NFIB Objects to Proposition 65 Abuse in California

In 1986 the voters of California adopted an initiative known as Proposition 65 (colloquially “Prop. 65.”). If you live in California—or if you have visited recently—you see Prop. 65 warnings everywhere you go. The Act requires businesses to prominently display information warning consumers of the existence of specific chemicals known to the State of California to cause cancer. And indeed there is a list of chemicals that business owners are presumed to be aware of.

As a result, everywhere you go in the Golden State—whether in a parking garage, an auto-repair shop, a coffee shop, office buildings, etc.—you are likely to run into little signs warning you that you might be exposed to chemicals that might be cancerous. Of course, these signs are so pervasive that it is easy to ignore them. But if you are a small business owner in California, you can’t ignore Prop. 65—not without risking big-time legal claims.

As has been widely reported, there is a major problem in California with Prop. 65 lawsuit abuse because the Act allows environmental organizations—or trawling plaintiffs attorneys—to act as private attorney generals, bringing lawsuits against any business that is out of compliance. There are some individuals and groups who literally go searching for businesses that have neglected to put up a Prop. 65 warning. And instead of a little warning, they are hit with a costly lawsuit. Usually small business owners are in the greatest peril because they simply don’t realize when they are required to put up a Prop. 65 warning.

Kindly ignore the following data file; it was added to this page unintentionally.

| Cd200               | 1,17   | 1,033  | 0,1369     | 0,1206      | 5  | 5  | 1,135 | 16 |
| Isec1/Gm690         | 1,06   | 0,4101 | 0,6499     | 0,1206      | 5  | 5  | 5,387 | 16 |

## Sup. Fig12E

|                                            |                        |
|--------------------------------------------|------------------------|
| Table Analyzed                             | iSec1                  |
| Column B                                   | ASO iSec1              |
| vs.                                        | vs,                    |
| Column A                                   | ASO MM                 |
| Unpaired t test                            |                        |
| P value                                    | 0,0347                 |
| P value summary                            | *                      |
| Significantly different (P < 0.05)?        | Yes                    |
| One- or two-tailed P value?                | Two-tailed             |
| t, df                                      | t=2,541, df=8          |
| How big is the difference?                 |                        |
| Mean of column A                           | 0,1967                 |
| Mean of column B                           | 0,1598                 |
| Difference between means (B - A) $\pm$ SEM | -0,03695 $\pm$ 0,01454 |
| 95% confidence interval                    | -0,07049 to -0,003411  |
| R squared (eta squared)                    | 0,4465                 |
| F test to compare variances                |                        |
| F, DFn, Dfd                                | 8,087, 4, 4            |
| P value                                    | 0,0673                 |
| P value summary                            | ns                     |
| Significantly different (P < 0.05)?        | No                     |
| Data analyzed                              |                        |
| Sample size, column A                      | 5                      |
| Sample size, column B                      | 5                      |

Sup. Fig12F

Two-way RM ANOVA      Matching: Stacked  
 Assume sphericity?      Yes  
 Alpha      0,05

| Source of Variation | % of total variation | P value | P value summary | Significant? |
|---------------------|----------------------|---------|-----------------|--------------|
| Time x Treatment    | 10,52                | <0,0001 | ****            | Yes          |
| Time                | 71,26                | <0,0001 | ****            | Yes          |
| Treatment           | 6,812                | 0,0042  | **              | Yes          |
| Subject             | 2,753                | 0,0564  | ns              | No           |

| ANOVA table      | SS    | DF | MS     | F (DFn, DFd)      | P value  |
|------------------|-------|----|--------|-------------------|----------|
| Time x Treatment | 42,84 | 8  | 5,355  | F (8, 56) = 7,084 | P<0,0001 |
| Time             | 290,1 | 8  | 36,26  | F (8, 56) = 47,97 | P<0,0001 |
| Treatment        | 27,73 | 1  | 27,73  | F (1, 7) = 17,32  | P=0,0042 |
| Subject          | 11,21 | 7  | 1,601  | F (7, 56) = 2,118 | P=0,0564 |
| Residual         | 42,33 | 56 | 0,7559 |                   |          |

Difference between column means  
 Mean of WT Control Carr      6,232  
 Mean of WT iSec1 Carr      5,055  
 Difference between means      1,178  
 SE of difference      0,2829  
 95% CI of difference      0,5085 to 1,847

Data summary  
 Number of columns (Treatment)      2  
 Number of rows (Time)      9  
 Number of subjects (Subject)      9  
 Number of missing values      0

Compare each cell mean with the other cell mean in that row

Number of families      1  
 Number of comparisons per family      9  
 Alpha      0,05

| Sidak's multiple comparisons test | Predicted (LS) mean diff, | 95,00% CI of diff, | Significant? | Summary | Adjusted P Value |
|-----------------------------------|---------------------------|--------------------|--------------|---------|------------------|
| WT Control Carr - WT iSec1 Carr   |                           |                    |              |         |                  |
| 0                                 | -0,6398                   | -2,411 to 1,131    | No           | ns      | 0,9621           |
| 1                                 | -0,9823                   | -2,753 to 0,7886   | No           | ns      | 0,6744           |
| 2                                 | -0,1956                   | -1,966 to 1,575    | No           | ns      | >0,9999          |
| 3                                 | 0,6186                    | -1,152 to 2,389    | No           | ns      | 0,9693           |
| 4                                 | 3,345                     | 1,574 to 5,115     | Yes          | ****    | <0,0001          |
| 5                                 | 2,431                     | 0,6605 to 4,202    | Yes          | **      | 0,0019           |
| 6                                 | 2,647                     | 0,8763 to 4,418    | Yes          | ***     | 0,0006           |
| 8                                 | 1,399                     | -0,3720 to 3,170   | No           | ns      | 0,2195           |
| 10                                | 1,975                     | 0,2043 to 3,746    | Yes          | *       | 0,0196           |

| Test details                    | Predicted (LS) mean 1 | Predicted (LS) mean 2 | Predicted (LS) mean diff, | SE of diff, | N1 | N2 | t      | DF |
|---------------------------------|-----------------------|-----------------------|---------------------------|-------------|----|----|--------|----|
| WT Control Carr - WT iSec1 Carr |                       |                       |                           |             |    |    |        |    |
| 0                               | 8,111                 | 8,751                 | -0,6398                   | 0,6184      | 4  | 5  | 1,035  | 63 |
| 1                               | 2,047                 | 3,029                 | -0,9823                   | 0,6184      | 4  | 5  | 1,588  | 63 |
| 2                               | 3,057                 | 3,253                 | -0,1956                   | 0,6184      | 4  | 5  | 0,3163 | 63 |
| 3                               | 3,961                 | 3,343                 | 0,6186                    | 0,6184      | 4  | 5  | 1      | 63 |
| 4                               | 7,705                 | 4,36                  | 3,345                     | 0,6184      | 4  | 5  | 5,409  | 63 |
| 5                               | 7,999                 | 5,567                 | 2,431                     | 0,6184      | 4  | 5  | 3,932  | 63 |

This has become such a problem that even Jerry Brown’s Administration has been contemplating potential reforms. This is an issue NFIB has been heavily involved with in California, as part of NFIB’s on-going mission to curb on lawsuit abuse.

But now we are observing a new troubling trend. Environmentalists have apparently decided to begin using Prop. 65 lawsuits as leverage to coerce businesses into agreeing to change business practices that are completely unrelated to Prop. 65. In a lawsuit currently pending in Alameda County Superior Court environmentalist plaintiffs are seeking to force businesses to agree to stop using chemicals that have nothing to do with Prop. 65.

Prop. 65 simply requires businesses to post a warning when they use specifically listed chemicals. But, here the plaintiffs are seeking to go beyond that list to use the threat of a lawsuit to force businesses to stop using chemicals that were never on the list. From our perspective this is a blatant abuse of the legal system. Accordingly, NFIB recently joined with the American Chemistry Council in an amicus brief opposing environmentalist efforts to force a settlement that goes beyond the scope of what Prop. 65 ever intended.

Here the lawsuit—predicated on an alleged violation of Prop. 65—has been used to force the business to stop using chemicals that are beyond the scope of the Act. And of course small business owners simply lack the resources to fight back. When hit with a lawsuit like this, they will usually have little choice but to seek a settlement, and to capitulate to terms that—if allowed—would go beyond anything Prop. 65 was ever intended to reach.